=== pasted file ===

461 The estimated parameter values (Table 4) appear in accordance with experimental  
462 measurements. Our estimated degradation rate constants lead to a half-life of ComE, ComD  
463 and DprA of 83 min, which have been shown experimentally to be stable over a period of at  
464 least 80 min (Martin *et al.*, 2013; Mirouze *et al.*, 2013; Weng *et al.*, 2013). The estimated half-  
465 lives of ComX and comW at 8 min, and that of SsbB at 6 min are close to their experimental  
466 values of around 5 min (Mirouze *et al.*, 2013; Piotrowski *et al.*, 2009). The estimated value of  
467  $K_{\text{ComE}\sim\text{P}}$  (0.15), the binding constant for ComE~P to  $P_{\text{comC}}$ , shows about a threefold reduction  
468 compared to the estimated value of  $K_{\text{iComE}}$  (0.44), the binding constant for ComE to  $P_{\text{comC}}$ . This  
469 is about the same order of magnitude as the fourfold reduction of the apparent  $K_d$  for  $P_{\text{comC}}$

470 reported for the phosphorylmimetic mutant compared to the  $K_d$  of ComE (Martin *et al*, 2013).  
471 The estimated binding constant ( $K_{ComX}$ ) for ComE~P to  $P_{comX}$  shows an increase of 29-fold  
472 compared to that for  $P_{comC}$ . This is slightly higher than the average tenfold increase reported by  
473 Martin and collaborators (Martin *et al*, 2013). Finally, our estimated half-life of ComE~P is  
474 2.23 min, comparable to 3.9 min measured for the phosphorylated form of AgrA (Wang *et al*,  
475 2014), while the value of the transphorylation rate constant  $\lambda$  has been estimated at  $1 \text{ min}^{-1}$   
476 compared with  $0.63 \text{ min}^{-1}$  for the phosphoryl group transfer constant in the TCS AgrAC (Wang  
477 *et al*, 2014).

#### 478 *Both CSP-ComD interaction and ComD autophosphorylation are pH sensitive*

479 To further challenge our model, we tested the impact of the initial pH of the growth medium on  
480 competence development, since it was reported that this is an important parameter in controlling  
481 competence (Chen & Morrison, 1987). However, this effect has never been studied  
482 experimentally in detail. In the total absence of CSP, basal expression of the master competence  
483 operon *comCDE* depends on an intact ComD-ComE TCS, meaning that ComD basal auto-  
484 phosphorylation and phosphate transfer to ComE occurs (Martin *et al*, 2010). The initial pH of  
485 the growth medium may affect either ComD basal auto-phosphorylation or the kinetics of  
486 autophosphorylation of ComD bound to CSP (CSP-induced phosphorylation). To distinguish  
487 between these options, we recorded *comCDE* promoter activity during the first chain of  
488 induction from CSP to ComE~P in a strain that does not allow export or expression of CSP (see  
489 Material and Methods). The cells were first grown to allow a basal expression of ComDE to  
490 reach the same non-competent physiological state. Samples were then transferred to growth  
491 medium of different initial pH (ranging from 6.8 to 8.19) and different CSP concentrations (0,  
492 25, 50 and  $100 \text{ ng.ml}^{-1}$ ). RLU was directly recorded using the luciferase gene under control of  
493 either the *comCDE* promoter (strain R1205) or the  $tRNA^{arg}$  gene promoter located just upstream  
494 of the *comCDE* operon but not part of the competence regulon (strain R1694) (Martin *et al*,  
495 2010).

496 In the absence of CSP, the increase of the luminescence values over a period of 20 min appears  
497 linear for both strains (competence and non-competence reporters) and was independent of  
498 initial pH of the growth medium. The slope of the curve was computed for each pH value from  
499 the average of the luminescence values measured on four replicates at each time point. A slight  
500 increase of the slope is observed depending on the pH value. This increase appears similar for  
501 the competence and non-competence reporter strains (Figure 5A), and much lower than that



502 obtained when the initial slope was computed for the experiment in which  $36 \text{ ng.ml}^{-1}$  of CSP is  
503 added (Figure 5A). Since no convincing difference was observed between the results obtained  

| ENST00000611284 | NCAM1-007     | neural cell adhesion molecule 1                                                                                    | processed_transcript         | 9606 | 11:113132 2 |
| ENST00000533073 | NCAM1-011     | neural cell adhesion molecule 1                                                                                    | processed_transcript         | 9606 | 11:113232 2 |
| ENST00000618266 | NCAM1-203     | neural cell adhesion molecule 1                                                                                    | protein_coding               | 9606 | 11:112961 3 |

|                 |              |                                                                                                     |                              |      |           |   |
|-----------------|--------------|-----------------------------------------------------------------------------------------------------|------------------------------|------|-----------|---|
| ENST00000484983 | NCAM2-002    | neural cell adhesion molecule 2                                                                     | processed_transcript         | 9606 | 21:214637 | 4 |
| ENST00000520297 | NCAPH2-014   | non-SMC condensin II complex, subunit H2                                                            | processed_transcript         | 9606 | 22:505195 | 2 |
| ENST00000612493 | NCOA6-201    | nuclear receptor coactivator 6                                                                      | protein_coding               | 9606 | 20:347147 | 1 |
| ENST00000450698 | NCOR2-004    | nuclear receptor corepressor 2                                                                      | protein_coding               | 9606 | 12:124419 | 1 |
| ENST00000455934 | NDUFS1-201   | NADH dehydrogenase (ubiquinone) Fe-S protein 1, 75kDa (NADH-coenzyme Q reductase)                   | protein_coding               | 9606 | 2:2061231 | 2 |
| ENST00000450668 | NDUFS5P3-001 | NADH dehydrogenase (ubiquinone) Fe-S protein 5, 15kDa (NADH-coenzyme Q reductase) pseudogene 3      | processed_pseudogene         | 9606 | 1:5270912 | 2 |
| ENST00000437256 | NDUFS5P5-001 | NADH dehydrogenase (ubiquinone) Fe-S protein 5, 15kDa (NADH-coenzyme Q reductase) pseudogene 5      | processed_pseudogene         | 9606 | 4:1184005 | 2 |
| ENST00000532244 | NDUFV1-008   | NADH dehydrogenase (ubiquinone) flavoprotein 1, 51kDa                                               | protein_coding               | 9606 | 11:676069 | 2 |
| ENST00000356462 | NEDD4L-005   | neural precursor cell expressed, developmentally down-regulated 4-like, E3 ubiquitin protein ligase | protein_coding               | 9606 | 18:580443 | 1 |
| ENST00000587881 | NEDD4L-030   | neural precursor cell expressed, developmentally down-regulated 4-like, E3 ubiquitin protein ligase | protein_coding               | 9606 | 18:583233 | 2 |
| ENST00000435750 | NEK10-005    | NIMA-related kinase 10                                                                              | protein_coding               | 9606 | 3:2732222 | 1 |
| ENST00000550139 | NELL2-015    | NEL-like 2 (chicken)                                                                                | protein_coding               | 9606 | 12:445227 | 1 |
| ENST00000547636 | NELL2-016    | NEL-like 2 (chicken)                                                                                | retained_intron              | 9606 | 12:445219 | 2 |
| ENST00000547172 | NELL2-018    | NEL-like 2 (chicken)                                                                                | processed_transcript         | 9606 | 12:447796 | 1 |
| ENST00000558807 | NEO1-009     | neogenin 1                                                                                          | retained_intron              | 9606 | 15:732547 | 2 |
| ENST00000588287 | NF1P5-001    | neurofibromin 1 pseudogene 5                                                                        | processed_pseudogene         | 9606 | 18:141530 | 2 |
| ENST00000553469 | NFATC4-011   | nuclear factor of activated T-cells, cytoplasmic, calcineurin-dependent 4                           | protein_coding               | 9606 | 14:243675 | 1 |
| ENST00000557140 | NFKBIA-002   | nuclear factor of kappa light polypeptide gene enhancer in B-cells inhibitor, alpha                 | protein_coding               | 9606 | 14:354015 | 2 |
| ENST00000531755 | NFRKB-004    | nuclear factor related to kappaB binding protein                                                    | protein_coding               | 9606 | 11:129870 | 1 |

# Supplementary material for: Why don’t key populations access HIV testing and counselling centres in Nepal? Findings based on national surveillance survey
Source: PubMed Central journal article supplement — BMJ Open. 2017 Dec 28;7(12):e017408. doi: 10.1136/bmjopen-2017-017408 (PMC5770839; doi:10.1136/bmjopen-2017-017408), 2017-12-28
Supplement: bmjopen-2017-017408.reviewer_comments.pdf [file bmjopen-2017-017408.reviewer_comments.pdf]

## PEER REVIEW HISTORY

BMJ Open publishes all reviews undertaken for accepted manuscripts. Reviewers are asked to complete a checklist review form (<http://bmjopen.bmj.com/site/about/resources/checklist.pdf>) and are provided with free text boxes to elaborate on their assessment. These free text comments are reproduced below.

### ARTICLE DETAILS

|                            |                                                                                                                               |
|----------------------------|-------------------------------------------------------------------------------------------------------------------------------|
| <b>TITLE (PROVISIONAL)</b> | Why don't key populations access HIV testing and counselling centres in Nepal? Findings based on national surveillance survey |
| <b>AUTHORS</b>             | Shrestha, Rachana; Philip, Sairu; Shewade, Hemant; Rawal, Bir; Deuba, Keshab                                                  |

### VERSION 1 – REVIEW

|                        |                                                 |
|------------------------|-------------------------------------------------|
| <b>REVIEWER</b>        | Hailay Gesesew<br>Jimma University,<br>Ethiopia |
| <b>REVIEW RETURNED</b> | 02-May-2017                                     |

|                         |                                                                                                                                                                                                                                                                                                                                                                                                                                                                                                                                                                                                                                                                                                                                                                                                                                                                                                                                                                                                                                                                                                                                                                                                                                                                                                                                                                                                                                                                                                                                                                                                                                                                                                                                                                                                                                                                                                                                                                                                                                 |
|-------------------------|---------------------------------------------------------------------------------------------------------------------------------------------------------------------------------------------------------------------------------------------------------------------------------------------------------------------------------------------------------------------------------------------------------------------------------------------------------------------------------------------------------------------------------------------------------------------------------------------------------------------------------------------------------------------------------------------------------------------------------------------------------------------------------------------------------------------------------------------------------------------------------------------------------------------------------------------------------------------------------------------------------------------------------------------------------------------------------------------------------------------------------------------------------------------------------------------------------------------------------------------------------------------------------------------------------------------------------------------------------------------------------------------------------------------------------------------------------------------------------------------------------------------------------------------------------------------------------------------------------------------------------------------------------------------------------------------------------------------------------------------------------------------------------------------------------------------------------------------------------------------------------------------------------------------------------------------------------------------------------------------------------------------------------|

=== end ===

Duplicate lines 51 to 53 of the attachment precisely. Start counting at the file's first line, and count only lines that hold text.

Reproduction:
| ENST00000612493 | NCOA6-201    | nuclear receptor coactivator 6                                                                      | protein_coding               | 9606 | 20:347147 | 1 |
| ENST00000450698 | NCOR2-004    | nuclear receptor corepressor 2                                                                      | protein_coding               | 9606 | 12:124419 | 1 |
| ENST00000455934 | NDUFS1-201   | NADH dehydrogenase (ubiquinone) Fe-S protein 1, 75kDa (NADH-coenzyme Q reductase)                   | protein_coding               | 9606 | 2:2061231 | 2 |